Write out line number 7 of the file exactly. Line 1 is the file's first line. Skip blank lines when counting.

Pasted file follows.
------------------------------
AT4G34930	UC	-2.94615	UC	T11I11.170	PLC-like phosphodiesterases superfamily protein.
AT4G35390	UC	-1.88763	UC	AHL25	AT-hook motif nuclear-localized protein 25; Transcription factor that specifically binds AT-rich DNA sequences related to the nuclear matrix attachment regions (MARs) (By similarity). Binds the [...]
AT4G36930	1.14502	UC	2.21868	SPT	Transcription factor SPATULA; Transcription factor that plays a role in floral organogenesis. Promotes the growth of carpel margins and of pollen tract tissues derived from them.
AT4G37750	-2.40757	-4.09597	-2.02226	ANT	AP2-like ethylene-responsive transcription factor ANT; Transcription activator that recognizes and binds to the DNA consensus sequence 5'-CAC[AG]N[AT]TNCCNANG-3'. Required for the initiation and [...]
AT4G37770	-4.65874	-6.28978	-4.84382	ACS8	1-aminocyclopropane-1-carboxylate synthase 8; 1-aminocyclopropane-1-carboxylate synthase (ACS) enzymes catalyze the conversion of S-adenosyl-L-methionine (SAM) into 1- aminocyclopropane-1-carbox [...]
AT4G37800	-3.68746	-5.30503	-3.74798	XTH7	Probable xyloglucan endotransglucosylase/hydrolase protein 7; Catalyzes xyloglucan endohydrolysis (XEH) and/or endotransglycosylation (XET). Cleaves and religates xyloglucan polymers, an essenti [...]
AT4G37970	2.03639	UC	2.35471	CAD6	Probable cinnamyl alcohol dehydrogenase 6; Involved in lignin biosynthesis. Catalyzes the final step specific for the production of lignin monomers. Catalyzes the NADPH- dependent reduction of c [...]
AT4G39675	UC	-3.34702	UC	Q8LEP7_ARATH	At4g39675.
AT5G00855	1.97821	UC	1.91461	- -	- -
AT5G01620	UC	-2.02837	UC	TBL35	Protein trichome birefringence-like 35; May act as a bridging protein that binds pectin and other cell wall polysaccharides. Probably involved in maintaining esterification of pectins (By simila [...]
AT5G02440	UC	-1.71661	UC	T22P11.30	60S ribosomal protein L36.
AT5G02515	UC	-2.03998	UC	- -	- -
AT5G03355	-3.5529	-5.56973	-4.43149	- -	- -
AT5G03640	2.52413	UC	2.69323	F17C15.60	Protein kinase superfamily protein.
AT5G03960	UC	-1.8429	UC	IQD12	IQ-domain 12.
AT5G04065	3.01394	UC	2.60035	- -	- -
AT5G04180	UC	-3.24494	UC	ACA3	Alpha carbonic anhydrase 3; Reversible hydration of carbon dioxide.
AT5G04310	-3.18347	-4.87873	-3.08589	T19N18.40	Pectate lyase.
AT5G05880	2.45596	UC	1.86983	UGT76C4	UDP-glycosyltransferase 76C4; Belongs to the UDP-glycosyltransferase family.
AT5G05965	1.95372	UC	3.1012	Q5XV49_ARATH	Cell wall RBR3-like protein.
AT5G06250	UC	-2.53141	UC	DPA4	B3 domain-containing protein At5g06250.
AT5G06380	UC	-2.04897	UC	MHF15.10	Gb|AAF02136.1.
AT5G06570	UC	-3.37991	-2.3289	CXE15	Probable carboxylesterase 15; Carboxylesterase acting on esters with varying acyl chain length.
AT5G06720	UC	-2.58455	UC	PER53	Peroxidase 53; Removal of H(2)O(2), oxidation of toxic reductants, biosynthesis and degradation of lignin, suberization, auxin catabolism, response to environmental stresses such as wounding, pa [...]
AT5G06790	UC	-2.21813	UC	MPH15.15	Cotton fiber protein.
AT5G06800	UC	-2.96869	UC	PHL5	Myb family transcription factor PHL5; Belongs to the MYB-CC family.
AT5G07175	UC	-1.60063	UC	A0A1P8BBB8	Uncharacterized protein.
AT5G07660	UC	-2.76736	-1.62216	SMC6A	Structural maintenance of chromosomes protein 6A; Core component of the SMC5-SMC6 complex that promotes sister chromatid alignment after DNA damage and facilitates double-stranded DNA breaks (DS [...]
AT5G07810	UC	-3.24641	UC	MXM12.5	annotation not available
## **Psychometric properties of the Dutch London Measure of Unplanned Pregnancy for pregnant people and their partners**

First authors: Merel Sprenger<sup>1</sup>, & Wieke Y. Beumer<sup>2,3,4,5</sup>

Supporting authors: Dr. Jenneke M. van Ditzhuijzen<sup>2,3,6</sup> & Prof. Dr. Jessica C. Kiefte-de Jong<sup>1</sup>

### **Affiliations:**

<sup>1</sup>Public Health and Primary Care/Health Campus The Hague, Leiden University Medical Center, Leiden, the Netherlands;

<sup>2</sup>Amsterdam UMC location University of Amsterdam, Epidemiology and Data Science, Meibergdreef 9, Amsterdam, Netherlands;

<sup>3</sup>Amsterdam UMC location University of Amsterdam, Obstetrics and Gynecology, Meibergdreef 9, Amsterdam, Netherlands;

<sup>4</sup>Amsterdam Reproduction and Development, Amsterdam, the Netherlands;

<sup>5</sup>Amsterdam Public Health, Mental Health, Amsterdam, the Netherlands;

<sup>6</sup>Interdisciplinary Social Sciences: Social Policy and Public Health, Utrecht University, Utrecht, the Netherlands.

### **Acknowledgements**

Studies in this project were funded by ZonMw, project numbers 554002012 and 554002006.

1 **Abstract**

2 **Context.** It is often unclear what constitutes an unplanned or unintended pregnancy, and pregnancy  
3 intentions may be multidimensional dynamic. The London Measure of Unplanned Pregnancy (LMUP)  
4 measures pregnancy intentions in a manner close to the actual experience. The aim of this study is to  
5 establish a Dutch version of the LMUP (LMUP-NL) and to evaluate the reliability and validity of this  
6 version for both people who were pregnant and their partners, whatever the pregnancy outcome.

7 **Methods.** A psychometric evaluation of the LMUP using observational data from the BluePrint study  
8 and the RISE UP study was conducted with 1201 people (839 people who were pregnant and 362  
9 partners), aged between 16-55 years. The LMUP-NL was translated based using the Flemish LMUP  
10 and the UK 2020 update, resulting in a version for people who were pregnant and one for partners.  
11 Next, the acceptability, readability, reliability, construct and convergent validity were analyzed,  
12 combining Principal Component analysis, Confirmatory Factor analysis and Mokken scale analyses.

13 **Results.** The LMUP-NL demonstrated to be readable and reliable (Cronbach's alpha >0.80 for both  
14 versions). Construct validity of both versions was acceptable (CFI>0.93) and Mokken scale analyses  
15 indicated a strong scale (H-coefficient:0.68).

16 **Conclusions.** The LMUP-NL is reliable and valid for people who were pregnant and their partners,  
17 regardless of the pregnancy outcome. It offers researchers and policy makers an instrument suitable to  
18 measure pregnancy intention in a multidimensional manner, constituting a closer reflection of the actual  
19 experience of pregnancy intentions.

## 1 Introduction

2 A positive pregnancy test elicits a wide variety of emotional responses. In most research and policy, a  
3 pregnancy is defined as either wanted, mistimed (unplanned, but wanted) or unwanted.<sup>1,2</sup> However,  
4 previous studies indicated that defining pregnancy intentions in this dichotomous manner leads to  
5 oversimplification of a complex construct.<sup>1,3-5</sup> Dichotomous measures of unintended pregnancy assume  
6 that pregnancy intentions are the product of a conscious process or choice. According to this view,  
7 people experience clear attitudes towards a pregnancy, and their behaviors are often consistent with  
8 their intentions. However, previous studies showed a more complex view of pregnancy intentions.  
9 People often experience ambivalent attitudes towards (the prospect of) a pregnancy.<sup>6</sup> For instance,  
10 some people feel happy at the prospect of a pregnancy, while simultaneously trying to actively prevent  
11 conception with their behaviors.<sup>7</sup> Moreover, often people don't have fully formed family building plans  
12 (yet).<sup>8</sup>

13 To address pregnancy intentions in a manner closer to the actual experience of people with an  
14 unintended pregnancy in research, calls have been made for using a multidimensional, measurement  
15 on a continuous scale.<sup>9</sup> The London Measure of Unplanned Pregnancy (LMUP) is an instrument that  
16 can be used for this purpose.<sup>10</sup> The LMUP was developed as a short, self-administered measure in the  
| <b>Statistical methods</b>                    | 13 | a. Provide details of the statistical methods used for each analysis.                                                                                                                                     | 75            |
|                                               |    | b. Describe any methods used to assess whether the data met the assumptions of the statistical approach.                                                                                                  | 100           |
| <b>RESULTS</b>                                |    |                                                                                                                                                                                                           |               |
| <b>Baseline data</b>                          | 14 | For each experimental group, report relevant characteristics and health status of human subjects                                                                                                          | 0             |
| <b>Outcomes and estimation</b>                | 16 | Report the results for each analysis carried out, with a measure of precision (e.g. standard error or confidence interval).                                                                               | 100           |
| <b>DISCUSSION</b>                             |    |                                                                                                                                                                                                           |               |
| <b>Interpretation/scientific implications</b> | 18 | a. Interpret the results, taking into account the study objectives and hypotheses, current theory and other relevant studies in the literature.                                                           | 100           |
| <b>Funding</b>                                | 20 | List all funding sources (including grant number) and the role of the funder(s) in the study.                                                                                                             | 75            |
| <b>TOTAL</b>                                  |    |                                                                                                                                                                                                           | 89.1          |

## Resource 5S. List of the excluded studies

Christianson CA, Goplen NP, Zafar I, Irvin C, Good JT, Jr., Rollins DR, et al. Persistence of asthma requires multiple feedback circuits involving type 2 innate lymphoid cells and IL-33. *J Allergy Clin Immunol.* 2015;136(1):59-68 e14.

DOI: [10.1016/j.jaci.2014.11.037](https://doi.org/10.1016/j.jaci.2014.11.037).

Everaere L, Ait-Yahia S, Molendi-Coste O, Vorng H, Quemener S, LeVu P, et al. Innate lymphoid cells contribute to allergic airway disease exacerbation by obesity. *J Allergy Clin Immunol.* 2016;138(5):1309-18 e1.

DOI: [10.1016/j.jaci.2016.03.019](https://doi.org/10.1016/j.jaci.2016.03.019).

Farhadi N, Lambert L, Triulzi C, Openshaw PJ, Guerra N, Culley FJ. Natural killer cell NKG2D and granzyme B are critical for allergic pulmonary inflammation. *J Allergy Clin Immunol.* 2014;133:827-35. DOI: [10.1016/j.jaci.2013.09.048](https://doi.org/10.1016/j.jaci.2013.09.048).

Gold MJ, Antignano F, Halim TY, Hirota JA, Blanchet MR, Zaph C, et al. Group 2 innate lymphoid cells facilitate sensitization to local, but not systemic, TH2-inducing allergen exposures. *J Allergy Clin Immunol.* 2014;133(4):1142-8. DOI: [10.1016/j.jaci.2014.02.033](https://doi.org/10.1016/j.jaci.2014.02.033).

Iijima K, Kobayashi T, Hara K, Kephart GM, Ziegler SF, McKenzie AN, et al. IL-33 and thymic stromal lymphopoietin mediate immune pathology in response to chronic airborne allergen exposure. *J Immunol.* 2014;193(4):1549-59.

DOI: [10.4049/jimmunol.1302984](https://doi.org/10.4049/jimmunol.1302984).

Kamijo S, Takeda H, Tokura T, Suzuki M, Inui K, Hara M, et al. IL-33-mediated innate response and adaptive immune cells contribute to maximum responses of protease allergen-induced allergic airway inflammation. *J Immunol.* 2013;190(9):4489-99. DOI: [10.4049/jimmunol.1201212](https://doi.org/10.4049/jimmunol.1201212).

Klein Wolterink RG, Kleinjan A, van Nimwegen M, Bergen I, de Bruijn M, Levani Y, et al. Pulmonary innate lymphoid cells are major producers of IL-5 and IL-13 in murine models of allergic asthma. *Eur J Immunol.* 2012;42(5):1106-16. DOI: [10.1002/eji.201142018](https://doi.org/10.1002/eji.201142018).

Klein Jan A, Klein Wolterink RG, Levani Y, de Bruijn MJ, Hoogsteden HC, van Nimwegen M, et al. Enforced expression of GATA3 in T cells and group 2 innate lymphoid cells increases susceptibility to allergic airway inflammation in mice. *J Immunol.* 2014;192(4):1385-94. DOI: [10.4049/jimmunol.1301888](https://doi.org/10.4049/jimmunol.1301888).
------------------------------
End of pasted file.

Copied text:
AT4G37970	2.03639	UC	2.35471	CAD6	Probable cinnamyl alcohol dehydrogenase 6; Involved in lignin biosynthesis. Catalyzes the final step specific for the production of lignin monomers. Catalyzes the NADPH- dependent reduction of c [...]